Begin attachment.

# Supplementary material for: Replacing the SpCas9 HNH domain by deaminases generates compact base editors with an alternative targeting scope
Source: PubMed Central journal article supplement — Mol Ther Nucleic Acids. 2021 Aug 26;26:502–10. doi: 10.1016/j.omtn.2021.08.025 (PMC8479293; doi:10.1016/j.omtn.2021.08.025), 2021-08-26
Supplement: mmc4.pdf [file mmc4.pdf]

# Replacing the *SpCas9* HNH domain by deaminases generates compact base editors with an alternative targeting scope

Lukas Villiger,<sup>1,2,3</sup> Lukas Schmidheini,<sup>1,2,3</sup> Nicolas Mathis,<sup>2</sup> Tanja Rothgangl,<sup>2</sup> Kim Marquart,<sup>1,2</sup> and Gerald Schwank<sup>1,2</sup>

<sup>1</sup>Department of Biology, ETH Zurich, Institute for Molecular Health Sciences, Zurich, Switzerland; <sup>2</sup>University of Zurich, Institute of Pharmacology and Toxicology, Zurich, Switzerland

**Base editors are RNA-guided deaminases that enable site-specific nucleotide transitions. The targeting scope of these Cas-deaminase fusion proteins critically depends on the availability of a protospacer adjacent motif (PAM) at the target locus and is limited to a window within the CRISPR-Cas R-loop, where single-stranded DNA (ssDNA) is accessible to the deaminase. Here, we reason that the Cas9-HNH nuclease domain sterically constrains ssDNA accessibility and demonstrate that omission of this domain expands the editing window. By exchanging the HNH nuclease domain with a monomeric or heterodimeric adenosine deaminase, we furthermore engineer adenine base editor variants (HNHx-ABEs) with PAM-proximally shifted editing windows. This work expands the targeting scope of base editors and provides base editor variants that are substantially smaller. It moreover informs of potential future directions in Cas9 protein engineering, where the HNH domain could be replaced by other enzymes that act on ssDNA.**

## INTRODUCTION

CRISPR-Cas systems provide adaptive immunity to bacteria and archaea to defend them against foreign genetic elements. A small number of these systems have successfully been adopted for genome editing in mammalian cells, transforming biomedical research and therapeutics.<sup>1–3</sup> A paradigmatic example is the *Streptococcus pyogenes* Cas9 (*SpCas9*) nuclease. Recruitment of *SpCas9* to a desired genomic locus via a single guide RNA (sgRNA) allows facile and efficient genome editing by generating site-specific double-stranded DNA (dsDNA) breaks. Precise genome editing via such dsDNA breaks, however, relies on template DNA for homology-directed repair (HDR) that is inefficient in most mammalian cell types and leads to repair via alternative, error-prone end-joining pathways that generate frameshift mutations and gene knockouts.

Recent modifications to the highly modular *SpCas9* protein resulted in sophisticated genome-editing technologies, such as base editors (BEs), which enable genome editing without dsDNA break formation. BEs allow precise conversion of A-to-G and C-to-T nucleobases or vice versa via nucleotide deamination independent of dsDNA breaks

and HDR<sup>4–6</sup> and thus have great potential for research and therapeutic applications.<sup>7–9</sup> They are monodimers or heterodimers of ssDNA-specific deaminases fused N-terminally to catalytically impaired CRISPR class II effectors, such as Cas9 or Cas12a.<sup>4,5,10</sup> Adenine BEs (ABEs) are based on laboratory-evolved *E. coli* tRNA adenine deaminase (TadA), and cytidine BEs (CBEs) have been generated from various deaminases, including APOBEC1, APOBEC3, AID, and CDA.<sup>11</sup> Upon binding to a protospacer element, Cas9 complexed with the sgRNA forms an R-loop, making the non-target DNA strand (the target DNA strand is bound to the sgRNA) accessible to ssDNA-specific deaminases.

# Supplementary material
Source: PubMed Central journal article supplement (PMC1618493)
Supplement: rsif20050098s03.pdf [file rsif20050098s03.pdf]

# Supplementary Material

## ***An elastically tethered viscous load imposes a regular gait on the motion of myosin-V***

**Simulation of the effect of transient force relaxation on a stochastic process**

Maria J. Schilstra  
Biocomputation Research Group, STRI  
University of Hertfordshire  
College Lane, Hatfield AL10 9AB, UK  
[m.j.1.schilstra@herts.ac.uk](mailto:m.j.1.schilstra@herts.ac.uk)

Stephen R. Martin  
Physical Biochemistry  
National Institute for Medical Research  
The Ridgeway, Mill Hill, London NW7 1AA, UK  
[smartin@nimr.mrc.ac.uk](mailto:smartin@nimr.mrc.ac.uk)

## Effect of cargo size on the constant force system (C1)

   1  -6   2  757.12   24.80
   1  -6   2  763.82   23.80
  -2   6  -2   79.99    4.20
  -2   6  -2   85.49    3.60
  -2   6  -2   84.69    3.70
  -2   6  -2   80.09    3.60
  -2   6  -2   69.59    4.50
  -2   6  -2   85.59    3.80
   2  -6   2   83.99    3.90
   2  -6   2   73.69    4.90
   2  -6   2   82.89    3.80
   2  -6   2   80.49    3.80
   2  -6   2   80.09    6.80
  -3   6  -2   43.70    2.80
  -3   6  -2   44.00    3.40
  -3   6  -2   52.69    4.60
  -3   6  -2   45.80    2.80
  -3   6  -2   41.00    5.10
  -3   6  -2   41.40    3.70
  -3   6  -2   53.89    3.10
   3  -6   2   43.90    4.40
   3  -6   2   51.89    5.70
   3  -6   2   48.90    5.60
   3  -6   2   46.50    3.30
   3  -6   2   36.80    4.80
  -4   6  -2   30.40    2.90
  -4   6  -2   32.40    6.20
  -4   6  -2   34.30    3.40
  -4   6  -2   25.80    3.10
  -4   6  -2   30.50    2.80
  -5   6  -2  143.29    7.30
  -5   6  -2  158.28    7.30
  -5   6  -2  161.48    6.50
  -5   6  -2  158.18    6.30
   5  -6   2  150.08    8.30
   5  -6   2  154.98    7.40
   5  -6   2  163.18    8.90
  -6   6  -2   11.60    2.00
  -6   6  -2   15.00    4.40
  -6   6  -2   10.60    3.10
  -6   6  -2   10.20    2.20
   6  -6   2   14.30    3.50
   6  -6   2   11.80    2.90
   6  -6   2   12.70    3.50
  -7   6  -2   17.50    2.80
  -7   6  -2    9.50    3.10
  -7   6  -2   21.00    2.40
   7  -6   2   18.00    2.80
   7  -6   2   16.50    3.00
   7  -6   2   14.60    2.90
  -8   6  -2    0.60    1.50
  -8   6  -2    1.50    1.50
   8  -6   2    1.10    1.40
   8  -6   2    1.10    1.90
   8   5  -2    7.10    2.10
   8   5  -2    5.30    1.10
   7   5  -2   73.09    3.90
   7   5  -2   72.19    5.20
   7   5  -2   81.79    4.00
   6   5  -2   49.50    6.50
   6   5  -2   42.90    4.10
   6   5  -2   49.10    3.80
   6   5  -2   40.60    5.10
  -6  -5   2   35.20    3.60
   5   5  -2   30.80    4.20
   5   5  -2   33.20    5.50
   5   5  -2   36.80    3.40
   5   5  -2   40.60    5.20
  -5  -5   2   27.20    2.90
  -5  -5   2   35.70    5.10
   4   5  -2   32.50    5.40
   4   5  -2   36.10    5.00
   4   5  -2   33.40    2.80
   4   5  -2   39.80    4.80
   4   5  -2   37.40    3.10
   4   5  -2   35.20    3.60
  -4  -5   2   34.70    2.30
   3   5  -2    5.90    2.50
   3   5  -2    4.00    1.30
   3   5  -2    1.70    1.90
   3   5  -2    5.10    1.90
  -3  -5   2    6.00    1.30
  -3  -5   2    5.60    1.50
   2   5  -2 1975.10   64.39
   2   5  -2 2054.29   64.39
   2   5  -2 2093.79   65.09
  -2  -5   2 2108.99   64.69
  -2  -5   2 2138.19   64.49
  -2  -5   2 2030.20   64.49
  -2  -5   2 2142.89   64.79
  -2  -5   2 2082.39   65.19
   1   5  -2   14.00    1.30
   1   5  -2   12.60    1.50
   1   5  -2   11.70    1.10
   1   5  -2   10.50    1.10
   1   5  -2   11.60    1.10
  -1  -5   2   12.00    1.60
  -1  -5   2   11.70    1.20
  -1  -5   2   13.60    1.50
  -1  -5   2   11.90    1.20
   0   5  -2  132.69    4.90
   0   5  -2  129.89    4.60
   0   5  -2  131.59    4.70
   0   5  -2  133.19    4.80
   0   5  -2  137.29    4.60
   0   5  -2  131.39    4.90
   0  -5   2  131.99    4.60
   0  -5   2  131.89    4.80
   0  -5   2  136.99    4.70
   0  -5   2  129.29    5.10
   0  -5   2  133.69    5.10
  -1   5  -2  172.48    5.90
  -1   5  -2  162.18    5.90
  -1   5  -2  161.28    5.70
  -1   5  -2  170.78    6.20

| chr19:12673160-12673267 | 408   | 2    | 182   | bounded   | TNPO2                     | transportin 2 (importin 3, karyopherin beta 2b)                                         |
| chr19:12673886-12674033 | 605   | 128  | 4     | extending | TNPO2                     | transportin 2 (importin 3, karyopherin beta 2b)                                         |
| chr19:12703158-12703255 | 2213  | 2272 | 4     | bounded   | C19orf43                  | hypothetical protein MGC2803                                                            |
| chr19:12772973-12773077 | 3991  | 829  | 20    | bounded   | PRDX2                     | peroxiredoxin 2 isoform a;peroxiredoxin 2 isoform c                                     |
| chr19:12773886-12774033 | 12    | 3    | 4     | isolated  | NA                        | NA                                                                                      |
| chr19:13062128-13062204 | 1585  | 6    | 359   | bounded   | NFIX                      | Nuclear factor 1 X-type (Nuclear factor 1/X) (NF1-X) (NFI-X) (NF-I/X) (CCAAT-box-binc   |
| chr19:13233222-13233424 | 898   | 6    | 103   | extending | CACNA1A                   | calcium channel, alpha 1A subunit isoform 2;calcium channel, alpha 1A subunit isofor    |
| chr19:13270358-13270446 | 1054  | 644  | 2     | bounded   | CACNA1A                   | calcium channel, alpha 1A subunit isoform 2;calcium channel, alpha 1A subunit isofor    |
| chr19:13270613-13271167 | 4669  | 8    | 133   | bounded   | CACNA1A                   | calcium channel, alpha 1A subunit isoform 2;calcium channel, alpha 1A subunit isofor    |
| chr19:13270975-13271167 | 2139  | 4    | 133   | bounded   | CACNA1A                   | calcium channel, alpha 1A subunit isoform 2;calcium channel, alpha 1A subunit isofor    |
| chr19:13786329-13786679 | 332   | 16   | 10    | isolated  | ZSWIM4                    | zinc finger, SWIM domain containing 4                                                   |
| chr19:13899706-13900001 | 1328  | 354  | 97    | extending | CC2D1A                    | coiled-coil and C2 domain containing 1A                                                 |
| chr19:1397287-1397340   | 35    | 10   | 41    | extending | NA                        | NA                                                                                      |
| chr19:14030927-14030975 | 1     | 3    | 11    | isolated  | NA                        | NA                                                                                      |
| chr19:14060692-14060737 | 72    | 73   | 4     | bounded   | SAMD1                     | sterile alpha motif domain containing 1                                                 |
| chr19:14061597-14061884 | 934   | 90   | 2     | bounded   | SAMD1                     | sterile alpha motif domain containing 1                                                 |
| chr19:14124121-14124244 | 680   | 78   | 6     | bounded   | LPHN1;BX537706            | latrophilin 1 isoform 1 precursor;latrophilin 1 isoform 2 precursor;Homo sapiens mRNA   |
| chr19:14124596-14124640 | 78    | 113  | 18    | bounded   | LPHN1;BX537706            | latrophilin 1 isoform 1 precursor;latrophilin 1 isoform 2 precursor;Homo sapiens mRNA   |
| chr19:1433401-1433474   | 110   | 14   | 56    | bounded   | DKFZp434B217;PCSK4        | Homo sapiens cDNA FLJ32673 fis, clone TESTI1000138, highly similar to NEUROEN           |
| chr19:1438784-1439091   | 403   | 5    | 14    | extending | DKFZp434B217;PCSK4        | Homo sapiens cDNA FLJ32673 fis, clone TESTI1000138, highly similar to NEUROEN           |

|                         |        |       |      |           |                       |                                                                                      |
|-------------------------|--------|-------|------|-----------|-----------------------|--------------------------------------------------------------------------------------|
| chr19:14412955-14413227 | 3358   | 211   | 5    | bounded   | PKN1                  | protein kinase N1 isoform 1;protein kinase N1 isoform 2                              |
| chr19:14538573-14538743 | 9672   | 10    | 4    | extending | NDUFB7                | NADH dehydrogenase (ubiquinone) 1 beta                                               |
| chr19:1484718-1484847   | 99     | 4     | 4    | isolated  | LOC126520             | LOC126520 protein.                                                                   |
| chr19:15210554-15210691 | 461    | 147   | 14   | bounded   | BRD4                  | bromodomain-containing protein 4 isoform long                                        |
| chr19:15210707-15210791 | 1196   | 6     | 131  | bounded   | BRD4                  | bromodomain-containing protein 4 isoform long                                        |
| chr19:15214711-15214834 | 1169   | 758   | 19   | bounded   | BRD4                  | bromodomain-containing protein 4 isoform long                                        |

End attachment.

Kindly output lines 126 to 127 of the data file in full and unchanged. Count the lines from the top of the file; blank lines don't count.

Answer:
  -1  -5   2   11.70    1.20
  -1  -5   2   13.60    1.50